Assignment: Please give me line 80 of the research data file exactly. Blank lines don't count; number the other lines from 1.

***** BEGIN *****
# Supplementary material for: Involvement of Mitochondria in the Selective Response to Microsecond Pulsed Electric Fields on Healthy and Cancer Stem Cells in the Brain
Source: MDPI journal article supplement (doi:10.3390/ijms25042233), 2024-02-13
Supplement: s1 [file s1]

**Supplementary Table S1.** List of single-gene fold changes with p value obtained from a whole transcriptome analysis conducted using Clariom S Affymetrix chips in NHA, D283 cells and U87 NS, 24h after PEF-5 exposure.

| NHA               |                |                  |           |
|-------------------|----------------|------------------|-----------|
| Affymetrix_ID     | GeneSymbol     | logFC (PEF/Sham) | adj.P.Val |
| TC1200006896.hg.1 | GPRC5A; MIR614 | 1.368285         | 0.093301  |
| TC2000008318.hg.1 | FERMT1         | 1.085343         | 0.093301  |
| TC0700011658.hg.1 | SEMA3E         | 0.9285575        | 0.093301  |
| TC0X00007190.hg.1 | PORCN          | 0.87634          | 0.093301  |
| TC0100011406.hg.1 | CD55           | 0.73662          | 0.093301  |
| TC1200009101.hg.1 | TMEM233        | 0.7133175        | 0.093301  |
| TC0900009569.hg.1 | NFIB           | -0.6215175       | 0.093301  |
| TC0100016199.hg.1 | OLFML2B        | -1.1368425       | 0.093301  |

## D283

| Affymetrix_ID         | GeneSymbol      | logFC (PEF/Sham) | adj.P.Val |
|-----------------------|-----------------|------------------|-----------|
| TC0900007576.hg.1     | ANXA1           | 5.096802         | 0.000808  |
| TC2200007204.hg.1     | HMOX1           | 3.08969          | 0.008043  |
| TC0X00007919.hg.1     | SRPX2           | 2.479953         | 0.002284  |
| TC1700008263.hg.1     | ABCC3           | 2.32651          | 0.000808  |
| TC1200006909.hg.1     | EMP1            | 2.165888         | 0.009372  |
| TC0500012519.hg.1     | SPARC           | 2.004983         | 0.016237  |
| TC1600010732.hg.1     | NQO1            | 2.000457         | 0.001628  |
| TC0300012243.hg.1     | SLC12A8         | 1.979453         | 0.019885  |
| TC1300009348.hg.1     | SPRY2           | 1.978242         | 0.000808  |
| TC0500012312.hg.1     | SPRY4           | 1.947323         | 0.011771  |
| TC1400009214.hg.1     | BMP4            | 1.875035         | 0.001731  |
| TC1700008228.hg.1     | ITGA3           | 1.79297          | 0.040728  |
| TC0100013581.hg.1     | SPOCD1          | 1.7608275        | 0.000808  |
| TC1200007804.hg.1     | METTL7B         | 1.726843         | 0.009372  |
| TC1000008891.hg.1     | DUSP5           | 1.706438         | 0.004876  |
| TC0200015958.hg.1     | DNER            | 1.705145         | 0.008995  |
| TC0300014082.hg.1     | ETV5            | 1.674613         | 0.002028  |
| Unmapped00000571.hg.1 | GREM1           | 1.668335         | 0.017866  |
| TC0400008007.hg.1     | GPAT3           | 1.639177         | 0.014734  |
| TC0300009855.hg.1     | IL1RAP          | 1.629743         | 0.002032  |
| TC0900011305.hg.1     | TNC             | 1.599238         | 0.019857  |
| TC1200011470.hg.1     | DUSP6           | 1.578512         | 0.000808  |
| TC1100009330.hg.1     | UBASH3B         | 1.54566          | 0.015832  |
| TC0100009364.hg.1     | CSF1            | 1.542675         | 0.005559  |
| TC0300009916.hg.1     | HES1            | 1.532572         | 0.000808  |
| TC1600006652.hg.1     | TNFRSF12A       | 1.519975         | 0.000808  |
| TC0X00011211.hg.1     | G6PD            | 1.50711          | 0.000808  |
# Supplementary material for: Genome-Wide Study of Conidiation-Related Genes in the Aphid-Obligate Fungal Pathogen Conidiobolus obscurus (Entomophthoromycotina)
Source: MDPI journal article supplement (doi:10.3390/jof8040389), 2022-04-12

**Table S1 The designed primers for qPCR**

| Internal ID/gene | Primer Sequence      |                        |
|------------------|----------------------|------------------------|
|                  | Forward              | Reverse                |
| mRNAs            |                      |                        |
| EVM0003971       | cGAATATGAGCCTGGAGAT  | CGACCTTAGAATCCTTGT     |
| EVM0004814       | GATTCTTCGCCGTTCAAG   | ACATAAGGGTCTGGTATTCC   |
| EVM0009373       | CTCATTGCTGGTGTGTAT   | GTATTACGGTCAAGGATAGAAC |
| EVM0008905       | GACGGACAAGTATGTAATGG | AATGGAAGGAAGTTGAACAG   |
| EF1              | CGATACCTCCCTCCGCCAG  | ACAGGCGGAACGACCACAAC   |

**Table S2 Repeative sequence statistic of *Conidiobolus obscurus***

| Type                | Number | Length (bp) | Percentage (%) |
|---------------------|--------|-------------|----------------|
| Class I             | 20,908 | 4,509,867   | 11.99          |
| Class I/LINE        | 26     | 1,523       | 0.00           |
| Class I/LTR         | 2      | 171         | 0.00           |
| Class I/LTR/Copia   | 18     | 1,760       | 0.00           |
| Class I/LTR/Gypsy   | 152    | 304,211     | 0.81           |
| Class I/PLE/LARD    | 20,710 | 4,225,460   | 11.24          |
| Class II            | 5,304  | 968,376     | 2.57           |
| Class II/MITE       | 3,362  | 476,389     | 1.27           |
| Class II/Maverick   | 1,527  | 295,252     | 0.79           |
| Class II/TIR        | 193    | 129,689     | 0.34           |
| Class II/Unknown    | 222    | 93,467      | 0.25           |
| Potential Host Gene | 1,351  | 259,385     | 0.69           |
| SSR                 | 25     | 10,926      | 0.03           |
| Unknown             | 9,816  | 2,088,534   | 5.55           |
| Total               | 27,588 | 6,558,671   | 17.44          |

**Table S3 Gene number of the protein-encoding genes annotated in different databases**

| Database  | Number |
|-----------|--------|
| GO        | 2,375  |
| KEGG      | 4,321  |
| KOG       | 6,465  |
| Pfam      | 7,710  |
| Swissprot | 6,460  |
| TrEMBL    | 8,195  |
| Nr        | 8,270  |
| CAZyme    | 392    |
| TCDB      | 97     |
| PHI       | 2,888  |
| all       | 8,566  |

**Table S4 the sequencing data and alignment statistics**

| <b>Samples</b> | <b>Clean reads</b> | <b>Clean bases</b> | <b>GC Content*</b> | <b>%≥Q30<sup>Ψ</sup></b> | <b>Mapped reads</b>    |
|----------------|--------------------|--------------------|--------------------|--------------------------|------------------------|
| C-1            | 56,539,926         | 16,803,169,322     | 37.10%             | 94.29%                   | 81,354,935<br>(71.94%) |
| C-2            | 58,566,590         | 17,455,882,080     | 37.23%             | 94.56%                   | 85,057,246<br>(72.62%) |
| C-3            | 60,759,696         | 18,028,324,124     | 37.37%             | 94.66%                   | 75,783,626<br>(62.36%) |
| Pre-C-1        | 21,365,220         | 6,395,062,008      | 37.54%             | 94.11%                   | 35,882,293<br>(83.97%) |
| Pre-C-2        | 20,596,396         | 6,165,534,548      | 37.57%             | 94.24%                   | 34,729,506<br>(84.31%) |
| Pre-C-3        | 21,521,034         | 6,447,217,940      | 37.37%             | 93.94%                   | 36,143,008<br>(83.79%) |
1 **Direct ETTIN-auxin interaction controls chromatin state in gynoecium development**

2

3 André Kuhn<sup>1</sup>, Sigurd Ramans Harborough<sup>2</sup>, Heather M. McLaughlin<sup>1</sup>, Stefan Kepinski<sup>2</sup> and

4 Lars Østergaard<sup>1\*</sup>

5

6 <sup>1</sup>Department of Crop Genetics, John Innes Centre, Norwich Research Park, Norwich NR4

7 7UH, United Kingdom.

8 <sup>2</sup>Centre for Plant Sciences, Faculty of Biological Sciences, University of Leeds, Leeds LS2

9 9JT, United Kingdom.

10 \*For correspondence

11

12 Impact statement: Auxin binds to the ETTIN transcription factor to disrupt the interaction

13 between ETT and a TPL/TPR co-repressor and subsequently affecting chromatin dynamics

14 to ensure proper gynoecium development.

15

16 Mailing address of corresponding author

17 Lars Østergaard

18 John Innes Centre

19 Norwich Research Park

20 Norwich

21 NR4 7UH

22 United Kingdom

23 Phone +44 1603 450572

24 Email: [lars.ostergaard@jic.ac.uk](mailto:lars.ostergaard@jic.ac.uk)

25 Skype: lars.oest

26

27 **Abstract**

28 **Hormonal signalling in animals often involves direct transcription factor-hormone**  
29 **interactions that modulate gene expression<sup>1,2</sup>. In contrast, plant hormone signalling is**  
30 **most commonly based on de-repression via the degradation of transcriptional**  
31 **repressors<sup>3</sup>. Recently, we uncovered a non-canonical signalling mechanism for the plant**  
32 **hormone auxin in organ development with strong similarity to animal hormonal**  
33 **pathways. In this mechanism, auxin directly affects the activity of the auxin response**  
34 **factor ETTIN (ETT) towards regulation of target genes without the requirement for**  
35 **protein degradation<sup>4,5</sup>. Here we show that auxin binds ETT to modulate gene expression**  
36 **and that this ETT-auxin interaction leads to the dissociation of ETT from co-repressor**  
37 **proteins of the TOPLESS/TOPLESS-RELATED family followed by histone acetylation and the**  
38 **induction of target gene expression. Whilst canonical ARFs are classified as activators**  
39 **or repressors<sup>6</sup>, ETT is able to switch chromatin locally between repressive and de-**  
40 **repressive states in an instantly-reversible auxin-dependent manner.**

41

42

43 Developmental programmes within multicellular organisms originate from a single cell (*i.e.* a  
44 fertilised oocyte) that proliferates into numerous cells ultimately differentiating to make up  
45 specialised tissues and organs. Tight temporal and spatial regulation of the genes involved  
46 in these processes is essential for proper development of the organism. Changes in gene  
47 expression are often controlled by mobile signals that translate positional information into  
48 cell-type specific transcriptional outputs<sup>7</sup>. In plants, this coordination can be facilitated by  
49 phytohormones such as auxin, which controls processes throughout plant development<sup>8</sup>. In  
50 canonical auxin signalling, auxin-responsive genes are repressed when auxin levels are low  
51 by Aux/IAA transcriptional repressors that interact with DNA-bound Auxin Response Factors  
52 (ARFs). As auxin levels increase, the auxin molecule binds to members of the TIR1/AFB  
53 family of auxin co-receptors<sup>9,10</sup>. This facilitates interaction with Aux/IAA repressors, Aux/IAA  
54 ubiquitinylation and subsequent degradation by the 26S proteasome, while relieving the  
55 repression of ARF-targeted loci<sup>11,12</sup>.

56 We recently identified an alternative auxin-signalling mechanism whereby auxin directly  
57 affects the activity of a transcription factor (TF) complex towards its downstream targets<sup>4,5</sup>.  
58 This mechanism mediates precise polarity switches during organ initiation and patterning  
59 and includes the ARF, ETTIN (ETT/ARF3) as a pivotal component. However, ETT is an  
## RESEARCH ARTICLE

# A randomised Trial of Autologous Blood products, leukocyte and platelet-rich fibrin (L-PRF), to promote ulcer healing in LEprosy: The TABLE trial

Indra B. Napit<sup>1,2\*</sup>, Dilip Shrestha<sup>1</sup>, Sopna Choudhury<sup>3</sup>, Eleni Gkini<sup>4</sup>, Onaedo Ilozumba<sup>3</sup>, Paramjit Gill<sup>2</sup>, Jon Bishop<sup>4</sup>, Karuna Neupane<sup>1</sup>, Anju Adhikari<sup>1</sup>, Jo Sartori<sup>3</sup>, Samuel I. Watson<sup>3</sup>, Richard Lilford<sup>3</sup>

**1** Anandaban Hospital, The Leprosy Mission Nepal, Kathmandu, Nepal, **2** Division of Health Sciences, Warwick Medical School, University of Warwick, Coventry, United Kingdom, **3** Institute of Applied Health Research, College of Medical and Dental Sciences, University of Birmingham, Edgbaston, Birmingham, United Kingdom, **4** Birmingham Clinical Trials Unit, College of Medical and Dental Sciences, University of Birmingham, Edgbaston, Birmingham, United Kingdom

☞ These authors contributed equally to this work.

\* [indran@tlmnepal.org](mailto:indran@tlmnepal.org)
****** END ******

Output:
| KEGG      | 4,321  |